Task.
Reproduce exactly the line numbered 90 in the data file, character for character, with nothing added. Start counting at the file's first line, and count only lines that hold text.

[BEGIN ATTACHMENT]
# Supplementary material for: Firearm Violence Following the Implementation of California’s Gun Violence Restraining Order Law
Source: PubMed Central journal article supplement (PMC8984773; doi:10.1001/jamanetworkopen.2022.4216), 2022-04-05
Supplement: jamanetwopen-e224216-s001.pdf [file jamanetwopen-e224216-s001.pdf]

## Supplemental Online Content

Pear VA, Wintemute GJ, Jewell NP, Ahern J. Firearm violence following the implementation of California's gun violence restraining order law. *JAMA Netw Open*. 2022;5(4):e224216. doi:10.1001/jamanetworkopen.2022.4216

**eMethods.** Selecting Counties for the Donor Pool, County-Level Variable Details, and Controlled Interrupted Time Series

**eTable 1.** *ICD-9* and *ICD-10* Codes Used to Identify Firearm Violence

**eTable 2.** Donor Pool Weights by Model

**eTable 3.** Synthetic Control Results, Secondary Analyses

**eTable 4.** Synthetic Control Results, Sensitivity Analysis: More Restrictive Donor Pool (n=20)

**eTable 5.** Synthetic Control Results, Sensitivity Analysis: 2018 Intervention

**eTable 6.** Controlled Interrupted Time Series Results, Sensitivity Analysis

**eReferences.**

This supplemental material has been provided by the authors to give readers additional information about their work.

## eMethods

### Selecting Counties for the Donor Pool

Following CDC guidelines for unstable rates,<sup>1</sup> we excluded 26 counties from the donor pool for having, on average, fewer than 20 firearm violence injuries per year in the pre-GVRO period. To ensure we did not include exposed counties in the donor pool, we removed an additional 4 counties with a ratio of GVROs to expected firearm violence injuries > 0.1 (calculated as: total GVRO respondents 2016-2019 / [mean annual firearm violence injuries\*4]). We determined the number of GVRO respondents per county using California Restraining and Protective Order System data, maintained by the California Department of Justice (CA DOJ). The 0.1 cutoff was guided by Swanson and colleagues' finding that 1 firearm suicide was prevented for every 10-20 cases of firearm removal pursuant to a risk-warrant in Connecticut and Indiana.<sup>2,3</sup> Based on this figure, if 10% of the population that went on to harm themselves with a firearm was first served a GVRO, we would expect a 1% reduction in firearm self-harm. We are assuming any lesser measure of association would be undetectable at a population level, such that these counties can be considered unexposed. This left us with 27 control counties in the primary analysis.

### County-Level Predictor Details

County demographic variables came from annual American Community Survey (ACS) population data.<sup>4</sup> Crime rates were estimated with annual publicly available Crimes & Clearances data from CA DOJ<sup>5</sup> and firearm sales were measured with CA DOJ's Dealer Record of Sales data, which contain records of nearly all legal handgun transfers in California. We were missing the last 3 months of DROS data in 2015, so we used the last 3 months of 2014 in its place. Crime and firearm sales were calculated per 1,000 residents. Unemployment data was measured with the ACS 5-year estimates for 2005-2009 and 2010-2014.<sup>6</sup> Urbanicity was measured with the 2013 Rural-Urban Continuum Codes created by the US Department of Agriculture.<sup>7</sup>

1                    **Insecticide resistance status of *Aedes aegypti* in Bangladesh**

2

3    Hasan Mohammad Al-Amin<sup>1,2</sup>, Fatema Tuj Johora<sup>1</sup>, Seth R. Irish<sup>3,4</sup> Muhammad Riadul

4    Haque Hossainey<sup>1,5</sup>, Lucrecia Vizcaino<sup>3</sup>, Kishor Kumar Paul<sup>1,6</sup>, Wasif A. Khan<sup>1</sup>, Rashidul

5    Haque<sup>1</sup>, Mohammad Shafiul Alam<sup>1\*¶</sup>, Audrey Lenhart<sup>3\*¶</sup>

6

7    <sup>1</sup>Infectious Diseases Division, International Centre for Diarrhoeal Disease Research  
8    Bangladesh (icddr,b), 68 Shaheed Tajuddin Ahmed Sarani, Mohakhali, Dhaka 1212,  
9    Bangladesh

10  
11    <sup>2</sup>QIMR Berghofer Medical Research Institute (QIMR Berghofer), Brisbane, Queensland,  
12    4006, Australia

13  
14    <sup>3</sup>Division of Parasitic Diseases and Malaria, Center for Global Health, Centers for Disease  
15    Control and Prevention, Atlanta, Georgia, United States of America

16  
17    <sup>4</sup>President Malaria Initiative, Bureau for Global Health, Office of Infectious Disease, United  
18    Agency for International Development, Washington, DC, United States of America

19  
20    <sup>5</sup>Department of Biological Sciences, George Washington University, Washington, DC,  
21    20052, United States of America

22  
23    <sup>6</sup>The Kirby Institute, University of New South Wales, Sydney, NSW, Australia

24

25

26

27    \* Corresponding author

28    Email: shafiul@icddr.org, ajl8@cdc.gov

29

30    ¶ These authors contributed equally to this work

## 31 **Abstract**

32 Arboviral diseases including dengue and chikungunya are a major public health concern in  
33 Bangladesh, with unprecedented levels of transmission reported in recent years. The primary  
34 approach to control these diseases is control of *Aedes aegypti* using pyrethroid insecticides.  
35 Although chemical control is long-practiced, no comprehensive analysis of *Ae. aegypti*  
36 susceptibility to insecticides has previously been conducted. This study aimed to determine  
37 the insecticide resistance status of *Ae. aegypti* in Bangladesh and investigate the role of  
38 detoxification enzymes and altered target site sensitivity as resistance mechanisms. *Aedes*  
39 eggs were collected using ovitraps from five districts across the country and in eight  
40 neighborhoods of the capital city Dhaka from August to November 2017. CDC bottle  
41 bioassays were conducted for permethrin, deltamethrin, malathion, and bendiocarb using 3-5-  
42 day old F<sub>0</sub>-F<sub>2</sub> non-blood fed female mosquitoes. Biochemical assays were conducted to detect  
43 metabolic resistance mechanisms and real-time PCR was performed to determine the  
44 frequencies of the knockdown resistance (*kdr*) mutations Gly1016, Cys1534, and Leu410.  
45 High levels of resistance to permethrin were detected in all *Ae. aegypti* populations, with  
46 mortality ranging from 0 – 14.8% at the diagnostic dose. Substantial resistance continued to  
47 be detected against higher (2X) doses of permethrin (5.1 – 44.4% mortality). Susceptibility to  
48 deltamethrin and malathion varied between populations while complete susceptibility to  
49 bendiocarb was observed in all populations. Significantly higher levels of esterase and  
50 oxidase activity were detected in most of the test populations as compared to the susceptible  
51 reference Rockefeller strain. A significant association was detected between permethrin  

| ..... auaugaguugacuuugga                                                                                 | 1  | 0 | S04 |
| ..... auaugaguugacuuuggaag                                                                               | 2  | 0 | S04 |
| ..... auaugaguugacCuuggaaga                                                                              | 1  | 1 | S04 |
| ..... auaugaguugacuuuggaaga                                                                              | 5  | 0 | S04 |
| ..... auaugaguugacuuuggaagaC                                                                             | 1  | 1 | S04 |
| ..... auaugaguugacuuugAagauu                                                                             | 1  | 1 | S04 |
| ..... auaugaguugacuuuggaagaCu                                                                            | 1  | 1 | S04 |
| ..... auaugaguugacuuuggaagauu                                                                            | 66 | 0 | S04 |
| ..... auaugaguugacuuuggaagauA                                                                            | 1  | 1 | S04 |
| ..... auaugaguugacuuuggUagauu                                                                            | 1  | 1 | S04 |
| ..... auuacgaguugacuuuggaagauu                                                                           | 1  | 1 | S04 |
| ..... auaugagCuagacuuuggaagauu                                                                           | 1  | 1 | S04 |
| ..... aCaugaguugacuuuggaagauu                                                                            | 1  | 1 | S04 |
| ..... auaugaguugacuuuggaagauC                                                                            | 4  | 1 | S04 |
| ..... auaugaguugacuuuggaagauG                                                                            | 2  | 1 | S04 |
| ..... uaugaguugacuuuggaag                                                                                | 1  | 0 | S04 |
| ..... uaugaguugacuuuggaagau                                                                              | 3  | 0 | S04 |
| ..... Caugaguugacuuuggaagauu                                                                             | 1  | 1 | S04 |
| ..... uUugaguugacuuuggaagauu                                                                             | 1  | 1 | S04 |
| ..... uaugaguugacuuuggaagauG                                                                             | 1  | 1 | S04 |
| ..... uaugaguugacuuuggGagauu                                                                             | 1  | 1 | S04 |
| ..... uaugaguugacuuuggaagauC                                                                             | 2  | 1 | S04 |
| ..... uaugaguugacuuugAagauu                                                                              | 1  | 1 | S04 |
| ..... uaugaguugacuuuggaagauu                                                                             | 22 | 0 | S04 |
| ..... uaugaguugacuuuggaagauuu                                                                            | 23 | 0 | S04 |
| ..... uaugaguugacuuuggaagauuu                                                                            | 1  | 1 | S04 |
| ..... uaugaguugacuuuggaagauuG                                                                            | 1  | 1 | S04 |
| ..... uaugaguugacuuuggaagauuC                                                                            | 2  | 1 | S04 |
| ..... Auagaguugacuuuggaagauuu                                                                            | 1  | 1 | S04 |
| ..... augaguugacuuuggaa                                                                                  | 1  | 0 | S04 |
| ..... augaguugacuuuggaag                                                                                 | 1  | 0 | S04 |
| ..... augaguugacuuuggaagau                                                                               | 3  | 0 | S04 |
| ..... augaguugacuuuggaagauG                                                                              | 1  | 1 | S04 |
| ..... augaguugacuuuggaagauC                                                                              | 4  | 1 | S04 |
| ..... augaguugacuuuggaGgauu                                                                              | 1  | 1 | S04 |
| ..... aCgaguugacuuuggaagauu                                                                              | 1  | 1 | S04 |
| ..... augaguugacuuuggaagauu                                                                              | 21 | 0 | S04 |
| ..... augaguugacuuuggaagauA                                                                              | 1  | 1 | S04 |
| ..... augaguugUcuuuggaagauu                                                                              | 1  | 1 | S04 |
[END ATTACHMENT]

| ..... uaugaguugacuuuggaagauG                                                                             | 1  | 1 | S04 |